Once again, this post is Sharon's fault. She posted a bit a couple days ago about facing a future with highly erratic fuel costs- making your choice of how to heat your home pretty significant. The subject came up because apparently, worry warts are already eagerly worrying about the unpredictable price of next winter's fuel.
In the comments, the idea of putting bubble wrap on your windows as a way to decrease heat loss came up- and it turns out Sharon's family already does this.
I may have a better trick; at any rate it's certainly a different one, useful in other situations.
We cover our windows- very tightly- with "space blankets" during extreme weather- either hot (blanket outside) or cold (blanket inside). (Our definition of extreme- colder than -10°F/-23°C, or hotter than 100°F/38°C.)
We use the very inexpensive ones inside; the ones that are just a piece of mylar with aluminum vapor deposited on one side- those can run as cheap as $2.50 for a 4 foot x 8 foot piece. The ones with a more complex construction and tough fiber reinforcement run around $12, but if it's going to be subject to wind, you'll need it.
The outdoor ones come with grommets installed- you can position them over any window that is letting sunlight into the house (shiny side out!), and drastically cut your heat gain.
The indoor ones are fragile, and tear easily- handling them is a job for an adult, or you'll run through them quickly. Well handled though, one blanket can easily last 5 years. A torn piece can be pretty easily mended with any kind of tape, even Scotch.
What we do is put 1" long pieces of self- adhesive velcro tape on the inside of the window frame. Clean the frame well beforehand; finishing with isopropyl alcohol; this is permanent. We usually put the hook part on the window frame, and the pile on the mylar (less abrasive in storage.)
Then, put the mating pieces to the velcro on top of those in place on the window frames- and expose the adhesive. You need to determine which side of the blanket has the aluminum on it- for two reasons. That's the side you want inside, for best reflection; and - the velcro tape will not stick to the aluminized side- it'll just strip the aluminum off, and you'll have to do it over. (I would know.)
Have a good idea of how your piece is going to fit. (If it needs to be cut, we usually try to cut it after this next step; more efficient; leaving bigger pieces for other windows.) Start in any convenient corner, and press a corner of the blanket onto the sticky tape; leaving a good margin of blanket to cover the window thoroughly, including cracks.
Press it in hard; hold your thumb on it for 30 seconds or so to heat it a little. Then; gently stretch the blanket to the next corner, and repeat. You want the blanket to be stretched quite taught when you are done. The velcro is somewhat forgiving- you don't have to match pile and hooks exactly, so you can increase the stretch when you are re-mounting the blanket on the window. Don't pull it too tight during the initial fitting, or you can pull the bottom velcro off the window frame.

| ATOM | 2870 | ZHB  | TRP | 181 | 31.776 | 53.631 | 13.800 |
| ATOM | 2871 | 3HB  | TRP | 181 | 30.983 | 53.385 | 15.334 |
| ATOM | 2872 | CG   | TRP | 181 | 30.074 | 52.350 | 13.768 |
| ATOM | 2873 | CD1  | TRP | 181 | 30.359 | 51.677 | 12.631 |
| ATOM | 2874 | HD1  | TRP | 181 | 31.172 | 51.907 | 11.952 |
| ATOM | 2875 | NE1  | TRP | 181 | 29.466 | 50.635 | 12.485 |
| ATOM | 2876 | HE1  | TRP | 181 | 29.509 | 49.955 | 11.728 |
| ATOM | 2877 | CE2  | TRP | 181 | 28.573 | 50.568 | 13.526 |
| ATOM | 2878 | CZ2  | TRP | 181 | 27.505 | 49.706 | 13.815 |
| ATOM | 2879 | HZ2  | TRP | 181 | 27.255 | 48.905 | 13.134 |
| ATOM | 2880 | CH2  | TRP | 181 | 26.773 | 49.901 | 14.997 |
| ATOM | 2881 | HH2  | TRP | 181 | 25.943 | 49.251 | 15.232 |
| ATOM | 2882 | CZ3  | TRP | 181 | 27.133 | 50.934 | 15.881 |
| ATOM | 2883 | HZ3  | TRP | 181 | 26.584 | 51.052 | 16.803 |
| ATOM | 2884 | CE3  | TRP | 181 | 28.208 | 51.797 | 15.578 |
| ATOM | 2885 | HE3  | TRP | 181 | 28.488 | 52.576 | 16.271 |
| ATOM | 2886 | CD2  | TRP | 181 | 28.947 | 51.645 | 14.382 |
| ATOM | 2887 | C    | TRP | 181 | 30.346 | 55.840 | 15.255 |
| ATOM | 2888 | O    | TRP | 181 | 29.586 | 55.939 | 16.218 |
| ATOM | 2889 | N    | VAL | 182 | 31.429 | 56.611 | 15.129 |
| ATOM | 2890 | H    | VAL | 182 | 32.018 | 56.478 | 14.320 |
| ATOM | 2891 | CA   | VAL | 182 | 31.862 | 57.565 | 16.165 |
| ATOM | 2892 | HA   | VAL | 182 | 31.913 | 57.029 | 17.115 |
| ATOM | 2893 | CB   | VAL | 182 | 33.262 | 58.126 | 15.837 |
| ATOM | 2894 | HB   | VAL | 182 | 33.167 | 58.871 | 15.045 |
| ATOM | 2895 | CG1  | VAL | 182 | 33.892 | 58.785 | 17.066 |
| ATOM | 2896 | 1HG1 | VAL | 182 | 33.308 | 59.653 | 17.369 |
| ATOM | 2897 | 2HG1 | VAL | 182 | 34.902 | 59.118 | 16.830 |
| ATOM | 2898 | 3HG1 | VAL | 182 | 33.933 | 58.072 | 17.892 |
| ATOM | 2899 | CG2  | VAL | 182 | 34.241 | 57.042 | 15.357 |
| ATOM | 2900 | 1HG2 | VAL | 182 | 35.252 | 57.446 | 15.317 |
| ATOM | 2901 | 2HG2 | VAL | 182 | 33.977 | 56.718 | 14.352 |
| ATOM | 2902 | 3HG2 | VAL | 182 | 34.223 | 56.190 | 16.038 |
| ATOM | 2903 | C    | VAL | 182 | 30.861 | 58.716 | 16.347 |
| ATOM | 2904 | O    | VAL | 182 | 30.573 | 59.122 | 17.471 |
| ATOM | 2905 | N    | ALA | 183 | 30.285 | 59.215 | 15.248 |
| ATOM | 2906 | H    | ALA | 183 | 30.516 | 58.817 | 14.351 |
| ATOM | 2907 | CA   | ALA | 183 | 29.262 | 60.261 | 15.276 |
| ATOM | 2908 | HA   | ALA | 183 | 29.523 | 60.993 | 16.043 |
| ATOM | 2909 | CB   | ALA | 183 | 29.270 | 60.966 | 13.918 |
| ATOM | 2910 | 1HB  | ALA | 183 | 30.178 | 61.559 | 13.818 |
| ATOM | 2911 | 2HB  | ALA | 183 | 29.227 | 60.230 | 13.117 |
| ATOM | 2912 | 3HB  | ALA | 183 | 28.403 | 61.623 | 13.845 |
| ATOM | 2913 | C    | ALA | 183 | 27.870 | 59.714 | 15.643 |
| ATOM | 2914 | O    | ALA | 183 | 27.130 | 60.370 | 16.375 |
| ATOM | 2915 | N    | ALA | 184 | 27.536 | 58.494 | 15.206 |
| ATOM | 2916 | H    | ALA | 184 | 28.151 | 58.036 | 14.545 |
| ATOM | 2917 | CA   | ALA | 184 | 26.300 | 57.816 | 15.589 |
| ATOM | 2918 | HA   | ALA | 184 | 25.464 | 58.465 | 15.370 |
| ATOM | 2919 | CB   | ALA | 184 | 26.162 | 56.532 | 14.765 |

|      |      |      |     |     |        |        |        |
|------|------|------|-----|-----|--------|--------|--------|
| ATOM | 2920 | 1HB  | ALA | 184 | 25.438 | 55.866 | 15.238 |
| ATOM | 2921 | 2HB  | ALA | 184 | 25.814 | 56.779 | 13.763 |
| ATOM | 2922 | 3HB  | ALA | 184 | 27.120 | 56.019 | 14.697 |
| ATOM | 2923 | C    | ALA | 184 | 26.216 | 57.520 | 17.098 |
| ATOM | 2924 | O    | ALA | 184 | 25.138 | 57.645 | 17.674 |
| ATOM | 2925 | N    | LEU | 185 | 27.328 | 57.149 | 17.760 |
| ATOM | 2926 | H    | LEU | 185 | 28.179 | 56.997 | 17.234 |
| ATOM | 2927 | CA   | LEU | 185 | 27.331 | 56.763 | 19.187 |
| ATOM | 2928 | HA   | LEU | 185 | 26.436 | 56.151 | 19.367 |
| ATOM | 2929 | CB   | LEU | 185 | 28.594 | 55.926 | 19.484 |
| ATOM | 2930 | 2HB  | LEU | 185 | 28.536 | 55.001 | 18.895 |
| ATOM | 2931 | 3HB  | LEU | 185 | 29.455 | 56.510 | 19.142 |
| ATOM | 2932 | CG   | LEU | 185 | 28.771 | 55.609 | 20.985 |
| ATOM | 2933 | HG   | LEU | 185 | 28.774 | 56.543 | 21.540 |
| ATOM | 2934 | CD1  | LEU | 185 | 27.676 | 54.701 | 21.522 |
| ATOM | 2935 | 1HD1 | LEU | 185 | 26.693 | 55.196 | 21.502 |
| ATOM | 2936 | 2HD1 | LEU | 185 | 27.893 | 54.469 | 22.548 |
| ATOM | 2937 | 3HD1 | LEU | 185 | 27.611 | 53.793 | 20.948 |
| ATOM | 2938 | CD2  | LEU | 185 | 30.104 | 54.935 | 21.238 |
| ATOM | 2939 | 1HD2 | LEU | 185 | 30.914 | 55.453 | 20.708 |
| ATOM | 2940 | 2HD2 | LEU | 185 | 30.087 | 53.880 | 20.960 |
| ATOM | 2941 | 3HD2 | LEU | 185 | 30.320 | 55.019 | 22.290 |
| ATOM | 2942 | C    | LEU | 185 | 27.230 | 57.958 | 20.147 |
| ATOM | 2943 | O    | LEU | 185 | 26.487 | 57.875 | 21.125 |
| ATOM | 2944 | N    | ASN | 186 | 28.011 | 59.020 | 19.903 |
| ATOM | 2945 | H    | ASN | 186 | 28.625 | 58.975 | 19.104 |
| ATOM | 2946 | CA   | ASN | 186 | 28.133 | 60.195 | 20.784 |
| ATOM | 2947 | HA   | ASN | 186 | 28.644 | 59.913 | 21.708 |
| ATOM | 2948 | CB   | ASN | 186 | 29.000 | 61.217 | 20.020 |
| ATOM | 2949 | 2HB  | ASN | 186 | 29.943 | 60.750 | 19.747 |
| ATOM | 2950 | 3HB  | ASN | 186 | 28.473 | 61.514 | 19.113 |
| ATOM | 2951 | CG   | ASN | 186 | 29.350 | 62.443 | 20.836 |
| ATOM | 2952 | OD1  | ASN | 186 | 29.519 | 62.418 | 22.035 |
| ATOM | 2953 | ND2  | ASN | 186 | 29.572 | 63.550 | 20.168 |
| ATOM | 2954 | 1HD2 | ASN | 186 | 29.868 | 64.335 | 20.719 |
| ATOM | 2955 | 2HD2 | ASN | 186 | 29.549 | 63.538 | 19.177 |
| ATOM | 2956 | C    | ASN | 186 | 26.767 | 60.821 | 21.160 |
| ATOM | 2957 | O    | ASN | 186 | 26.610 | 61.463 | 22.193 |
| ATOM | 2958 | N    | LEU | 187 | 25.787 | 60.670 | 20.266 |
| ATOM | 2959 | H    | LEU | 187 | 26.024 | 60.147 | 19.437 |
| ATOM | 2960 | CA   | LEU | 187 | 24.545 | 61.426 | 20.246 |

Leave the blanket in place for 24 hours if possible, to allow the adhesive plenty of time to really set up. When removing the blanket, you need to work your fingers in between each pair of velcro tabs- just trying to pull on the blanket to get a tab to let loose is guaranteed to tear the blanket eventually. Find the junction between the hook and the pile pieces with your finger nail, then wiggle your finger between- no stress on any of the components.
This REALLY cuts the heat loss from windows- when we put them up in winter, it feels like standing in front of a stove when it goes up. When the blanket is reasonably taught, it will act to cut convection and conduction losses through the glass, acting as another storm window. It doesn't have to be perfect to make a big difference. If you have a very drafty window, you can increase the effectiveness of the blanket by adding velcro tabs in between the corners, holding it down tighter.
And, of course, it cuts radiative loss by around 80%. You can easily make that 90% if you want to- by using a double layer of mylar.
Another huge benefit- when the space blankets go up- your winter house becomes much brighter inside. It also makes the house feel smaller- which can be cozy in a cold snap. I should point out- here in the Little House, our windows do not have curtains or blinds. We want to see the world- and there's no one to peek in. Doing this on windows with accoutrements is liable to be a little more tricky; but still doable.
We take the blankets down when it's sunny- to let the sun and heat in; and to help prevent cabin fever. It's easy to release the velcro; fold the blanket and put it into a 1 gallon ziplock bag; and keep it next to its window.
For summer- label each bag, and store away with the winter hats and gloves.
I think this is very likely to be more effective than the bubble wrap, which cuts no radiative loss to speak of, and varying amounts of convective and conductive.
Of course- if you use BOTH - you could probably cut your fuel needs drastically!
The other problem with bubble wrap of course, is that 13,341 children were murdered by their parents last year for chronic bubble wrap popping. They just can't help it, it seems. The little kids love to jump on it, and the big kids love to pop it between their fingers. Parents sometimes just snap.